President Carterhs plans to reduce oil imports will mean neither smaller oil price increases nor more stable supplies in the future, a world petroleum market expert asserted yesterday.

"All that we can reasonably expect is that prices will rise further and supply will remain uncertain," declared M. A. Adelman, an economist at the Massachusetts Institute of Technology.

Whether the United States imports 8 1/2 million barrels of oil a day, which it did in 1977, or 4 1/2 million, which is President Carter's target for 1990, the "threat" from the Organization of Petroleum Exporting Countries will remain, Adelman continued.

"The less we buy, the less they will produce," he predicted.

Adelman, one of five economists who spoke at an energy seminar at the American Enterprise Institute went on to say that there is little the U.S. can do to change the situation because "there is no basis for agreement" between the industrial nations and the members of OPEC.

Even without production of 2.5 million barrels a day of synthetic fuels, heavy oils and the oil-equivalent from unconventional natural gas that Carter is counting on to cut imports in 1990, Adelman predicted that oil imports "will drift downward" in coming years.

The demand for OPEC oil in 1985 will be only about 30 million barrels a day, a reduction of more than 1 million from current levels, he said. Higher prices will continue to reduce demand while the OPEC members keep a tight rein on production to keep prices high, he predicted.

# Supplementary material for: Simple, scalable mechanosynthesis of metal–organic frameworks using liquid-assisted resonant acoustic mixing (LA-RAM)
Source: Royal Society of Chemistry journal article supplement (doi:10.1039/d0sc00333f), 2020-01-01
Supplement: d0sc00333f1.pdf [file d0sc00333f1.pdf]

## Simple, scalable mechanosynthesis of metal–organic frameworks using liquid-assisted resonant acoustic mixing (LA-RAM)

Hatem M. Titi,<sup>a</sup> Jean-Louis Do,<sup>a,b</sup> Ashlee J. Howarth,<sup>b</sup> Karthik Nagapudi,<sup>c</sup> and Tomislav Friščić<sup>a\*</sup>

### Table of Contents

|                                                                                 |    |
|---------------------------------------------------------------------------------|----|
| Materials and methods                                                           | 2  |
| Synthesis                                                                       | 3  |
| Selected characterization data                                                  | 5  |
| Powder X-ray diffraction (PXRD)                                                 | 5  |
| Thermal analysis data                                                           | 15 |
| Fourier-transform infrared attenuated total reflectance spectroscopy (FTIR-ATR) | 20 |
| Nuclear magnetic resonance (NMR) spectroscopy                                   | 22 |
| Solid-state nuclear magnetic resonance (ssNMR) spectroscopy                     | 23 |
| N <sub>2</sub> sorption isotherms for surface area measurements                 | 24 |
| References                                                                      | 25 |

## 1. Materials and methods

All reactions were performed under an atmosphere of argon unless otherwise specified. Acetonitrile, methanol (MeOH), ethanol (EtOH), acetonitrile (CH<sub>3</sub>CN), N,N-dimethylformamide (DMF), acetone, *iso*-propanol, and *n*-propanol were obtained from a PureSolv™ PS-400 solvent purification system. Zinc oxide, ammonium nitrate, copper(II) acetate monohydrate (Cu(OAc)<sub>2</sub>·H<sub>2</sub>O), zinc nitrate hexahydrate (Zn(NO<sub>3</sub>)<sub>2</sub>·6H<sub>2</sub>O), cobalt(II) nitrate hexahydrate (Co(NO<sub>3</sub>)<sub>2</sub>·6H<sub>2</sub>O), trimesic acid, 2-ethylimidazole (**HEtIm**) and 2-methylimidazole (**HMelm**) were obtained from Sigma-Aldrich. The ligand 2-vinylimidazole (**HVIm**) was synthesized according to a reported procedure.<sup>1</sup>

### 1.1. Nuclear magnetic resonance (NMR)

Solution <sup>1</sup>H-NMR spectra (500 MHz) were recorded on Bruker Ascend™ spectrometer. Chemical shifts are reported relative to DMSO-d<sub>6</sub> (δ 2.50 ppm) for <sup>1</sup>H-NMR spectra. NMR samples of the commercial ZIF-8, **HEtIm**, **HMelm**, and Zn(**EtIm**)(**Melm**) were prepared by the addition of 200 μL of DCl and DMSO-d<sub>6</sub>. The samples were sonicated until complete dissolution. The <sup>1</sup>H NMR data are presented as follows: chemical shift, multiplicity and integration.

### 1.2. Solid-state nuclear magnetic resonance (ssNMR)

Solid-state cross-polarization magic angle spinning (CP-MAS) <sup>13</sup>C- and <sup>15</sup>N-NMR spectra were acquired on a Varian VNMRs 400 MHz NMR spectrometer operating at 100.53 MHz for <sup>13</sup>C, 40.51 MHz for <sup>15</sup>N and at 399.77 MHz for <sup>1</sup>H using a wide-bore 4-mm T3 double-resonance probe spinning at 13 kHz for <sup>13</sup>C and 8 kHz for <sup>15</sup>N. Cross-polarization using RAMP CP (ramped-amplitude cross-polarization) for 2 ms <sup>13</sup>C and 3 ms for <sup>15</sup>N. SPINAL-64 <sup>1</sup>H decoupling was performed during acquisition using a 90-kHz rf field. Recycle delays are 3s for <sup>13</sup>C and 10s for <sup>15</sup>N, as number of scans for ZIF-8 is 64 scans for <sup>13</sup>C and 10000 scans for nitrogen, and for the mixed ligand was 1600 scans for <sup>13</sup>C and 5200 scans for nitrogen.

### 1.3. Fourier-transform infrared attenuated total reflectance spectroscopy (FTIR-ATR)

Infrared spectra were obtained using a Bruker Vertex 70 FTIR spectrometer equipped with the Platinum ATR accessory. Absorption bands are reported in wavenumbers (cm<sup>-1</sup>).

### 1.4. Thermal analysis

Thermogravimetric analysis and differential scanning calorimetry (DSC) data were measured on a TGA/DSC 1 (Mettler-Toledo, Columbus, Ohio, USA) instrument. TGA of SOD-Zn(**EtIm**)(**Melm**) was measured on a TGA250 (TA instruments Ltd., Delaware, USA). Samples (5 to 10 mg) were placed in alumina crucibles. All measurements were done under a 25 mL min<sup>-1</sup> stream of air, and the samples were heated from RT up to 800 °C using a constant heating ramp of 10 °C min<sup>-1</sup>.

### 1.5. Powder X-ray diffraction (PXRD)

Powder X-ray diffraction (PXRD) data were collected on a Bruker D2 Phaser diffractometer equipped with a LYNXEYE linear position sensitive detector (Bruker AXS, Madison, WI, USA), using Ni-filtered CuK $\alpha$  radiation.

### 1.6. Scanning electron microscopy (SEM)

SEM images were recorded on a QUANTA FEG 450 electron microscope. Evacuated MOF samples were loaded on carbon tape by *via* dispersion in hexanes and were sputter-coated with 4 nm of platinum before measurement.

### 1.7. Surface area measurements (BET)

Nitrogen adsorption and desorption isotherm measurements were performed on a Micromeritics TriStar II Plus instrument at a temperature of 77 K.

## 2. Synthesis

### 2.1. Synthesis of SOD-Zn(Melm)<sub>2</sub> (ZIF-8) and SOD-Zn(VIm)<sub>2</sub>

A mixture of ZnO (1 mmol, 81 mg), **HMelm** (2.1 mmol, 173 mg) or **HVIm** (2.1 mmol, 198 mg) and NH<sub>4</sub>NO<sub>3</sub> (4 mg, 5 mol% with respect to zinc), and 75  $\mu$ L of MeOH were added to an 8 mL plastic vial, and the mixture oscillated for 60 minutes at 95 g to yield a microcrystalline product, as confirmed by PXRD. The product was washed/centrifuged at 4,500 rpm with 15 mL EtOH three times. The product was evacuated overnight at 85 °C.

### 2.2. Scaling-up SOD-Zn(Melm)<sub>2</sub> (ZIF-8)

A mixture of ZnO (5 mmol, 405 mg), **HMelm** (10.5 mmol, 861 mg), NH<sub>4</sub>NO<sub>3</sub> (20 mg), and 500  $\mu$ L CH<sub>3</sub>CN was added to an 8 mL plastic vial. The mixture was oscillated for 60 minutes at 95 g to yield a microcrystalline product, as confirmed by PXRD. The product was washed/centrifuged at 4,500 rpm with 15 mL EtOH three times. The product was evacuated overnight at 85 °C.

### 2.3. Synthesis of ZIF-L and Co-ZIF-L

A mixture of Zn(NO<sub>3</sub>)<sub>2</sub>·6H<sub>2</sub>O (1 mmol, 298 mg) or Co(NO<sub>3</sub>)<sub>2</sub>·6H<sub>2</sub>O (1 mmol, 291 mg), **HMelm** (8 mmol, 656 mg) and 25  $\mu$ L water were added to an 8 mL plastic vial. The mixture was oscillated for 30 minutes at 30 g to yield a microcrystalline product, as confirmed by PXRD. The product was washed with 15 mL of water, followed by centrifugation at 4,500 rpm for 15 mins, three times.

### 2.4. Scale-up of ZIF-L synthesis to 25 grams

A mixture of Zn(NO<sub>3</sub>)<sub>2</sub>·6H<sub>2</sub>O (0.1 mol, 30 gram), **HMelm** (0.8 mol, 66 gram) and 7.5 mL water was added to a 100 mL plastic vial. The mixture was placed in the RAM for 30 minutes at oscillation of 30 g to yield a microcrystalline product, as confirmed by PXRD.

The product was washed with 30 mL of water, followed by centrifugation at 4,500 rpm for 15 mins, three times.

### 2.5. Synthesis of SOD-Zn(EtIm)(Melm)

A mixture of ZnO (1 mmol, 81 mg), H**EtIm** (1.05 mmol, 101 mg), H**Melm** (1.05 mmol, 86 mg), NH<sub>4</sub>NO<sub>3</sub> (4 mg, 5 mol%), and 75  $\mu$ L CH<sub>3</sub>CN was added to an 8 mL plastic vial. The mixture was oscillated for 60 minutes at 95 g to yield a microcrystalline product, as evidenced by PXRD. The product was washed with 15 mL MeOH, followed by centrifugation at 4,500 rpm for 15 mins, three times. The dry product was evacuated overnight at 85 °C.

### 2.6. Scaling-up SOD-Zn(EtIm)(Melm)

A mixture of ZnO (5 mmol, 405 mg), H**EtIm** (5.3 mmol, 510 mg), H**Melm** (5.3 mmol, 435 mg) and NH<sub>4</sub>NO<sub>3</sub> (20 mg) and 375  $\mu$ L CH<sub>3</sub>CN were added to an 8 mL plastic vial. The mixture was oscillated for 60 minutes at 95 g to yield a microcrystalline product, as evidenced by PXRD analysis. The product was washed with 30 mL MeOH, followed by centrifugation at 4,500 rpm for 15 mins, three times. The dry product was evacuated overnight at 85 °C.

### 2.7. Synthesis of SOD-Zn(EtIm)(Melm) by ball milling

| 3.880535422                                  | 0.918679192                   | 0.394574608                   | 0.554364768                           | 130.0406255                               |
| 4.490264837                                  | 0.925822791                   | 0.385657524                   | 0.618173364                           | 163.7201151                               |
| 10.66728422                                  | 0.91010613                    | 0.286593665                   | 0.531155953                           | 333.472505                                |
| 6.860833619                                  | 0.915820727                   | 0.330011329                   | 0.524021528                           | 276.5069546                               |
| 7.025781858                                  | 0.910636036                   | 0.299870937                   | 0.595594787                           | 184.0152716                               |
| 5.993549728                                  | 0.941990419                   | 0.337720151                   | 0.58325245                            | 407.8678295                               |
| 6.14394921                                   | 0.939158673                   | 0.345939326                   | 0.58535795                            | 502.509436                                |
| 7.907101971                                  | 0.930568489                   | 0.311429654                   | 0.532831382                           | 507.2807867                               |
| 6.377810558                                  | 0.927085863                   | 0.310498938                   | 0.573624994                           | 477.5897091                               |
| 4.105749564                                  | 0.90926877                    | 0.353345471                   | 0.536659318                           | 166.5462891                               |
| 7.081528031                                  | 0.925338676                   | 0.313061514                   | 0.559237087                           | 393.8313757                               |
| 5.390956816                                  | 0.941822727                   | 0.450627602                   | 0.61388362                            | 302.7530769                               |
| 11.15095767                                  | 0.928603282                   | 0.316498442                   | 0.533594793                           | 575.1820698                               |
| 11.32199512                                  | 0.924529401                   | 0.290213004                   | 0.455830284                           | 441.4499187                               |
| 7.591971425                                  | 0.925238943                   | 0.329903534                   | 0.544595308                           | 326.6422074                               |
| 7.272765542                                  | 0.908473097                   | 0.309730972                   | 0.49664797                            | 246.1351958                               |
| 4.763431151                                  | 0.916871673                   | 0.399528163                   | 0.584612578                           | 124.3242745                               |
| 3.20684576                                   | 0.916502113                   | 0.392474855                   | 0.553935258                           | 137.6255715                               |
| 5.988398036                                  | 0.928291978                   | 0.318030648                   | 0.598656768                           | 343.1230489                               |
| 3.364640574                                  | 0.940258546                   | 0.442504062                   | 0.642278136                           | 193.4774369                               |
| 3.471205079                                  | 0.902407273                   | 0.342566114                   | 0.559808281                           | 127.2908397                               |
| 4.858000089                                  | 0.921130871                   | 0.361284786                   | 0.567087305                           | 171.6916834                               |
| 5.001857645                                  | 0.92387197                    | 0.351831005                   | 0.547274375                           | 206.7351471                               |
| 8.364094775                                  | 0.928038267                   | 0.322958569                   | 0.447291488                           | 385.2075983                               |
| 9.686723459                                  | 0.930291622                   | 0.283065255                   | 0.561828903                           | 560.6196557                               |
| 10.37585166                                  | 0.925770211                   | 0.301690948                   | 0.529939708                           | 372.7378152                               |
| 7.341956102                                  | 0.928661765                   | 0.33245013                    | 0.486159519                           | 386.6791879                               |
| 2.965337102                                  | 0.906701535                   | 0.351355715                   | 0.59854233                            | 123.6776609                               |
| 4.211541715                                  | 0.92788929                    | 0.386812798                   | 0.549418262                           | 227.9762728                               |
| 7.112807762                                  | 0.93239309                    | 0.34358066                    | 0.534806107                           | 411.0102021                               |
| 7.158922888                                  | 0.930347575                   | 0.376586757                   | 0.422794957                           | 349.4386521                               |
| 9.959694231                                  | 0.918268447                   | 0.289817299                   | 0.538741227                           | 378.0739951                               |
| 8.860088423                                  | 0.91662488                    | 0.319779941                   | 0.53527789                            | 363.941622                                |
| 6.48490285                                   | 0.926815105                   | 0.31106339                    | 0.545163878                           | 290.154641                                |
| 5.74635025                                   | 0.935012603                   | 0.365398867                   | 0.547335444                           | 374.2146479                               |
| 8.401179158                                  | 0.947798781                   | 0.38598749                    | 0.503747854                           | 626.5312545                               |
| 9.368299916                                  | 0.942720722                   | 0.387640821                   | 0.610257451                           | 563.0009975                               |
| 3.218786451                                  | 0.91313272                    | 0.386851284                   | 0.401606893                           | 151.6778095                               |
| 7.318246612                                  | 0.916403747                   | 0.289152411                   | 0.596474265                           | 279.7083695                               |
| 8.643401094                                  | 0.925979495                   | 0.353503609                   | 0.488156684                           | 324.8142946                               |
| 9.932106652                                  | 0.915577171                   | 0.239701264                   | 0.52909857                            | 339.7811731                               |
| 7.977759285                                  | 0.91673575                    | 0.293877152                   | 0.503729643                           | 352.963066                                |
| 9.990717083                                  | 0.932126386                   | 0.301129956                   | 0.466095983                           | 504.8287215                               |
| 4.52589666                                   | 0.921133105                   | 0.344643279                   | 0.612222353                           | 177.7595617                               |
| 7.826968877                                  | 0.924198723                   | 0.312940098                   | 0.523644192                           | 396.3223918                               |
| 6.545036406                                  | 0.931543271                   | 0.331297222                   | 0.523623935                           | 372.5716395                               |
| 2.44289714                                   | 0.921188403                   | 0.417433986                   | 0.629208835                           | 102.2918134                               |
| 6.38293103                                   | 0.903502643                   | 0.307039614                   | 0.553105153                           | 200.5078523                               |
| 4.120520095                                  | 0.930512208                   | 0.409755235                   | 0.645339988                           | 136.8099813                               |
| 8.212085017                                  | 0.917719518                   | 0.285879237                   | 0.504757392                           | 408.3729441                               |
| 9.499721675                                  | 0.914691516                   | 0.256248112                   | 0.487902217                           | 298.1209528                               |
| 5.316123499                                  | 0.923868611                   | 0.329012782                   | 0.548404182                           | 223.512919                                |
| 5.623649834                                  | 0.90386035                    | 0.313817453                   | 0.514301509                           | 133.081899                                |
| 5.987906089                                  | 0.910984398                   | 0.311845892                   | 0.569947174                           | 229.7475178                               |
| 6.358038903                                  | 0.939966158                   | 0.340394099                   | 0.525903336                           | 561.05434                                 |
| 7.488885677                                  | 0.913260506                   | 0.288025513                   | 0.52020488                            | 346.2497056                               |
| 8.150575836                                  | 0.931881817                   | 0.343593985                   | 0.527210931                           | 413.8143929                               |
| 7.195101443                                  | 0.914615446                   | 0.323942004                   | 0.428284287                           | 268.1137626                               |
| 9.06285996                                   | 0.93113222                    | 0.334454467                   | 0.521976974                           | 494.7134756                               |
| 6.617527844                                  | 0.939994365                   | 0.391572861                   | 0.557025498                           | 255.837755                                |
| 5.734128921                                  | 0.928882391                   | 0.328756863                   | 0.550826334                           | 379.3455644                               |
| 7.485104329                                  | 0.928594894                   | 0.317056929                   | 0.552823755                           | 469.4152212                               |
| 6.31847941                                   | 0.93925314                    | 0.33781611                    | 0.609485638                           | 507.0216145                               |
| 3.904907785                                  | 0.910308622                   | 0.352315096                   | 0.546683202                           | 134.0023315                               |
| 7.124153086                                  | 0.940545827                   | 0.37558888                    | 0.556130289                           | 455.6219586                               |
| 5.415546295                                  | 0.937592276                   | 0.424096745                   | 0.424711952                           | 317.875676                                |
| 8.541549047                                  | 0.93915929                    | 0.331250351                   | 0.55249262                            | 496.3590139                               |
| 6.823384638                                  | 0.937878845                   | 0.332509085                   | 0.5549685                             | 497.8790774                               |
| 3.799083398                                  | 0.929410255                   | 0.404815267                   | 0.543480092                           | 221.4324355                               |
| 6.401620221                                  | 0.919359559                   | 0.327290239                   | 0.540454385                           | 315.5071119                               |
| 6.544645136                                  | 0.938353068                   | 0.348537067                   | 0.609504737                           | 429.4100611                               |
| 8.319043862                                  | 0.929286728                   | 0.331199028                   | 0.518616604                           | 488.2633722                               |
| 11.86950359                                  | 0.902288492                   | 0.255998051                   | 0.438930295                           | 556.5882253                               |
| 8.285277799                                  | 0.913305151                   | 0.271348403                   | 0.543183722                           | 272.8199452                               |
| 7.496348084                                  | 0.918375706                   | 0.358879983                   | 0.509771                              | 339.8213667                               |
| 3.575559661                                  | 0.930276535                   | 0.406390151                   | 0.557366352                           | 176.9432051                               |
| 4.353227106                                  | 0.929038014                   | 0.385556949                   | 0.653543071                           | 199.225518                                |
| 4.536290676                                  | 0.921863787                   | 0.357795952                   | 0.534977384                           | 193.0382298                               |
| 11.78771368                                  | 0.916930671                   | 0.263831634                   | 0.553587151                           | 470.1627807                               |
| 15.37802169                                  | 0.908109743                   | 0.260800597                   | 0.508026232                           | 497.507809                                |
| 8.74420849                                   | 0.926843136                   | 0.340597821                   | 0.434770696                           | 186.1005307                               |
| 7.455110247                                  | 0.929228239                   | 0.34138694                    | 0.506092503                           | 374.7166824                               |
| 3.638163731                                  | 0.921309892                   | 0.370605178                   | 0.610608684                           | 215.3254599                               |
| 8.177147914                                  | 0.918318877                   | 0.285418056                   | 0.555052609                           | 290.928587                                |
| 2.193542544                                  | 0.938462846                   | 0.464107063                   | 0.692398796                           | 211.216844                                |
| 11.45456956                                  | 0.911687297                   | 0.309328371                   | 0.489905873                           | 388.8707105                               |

Adelman said that Saudi Arabiahs decision to reduce production in mid-January from 10.5 million barrels a day to about 8 million did far more to boost prices than the halt in Iranian exports.

The MIT economist, who is the author of "The World Petroleum Market," said the World will be faced with "a chronic contrived deficit" of oil as OPEC keeps raising its prices.

OPEC nations "have not reached the optimum monopoly price" - the price above which producers would lose so many sales that their revenue would begin to fall rather than rise - he continued. "Sheikh Yamani (the Saudi oil minister) has floated a $40 price. I don't know if he is serious."

Adelman said the cartel has established itself so effectively now that he no longer believes a plan to disrupt it that he proposed several years ago would work. He had suggested that the right to sell oil for import into the U.S. be auctioned in a sealed bidding process so that producers would be encouraged to try to sell more oil by undercutting one another's price.

The other four economists also were highly critical of President Carter's energy proposals.

One, Milton Russell of Resources for the Future, a Washington-based, nonprofit research group, said that a crash program to develop synthetic fuels has major drawbacks. "A crash program probably implies a higher long-run cost of energy than a more orderly program and, depending on exporter reactions, could lead to higher intermediate-term oil costs as well," Russell said.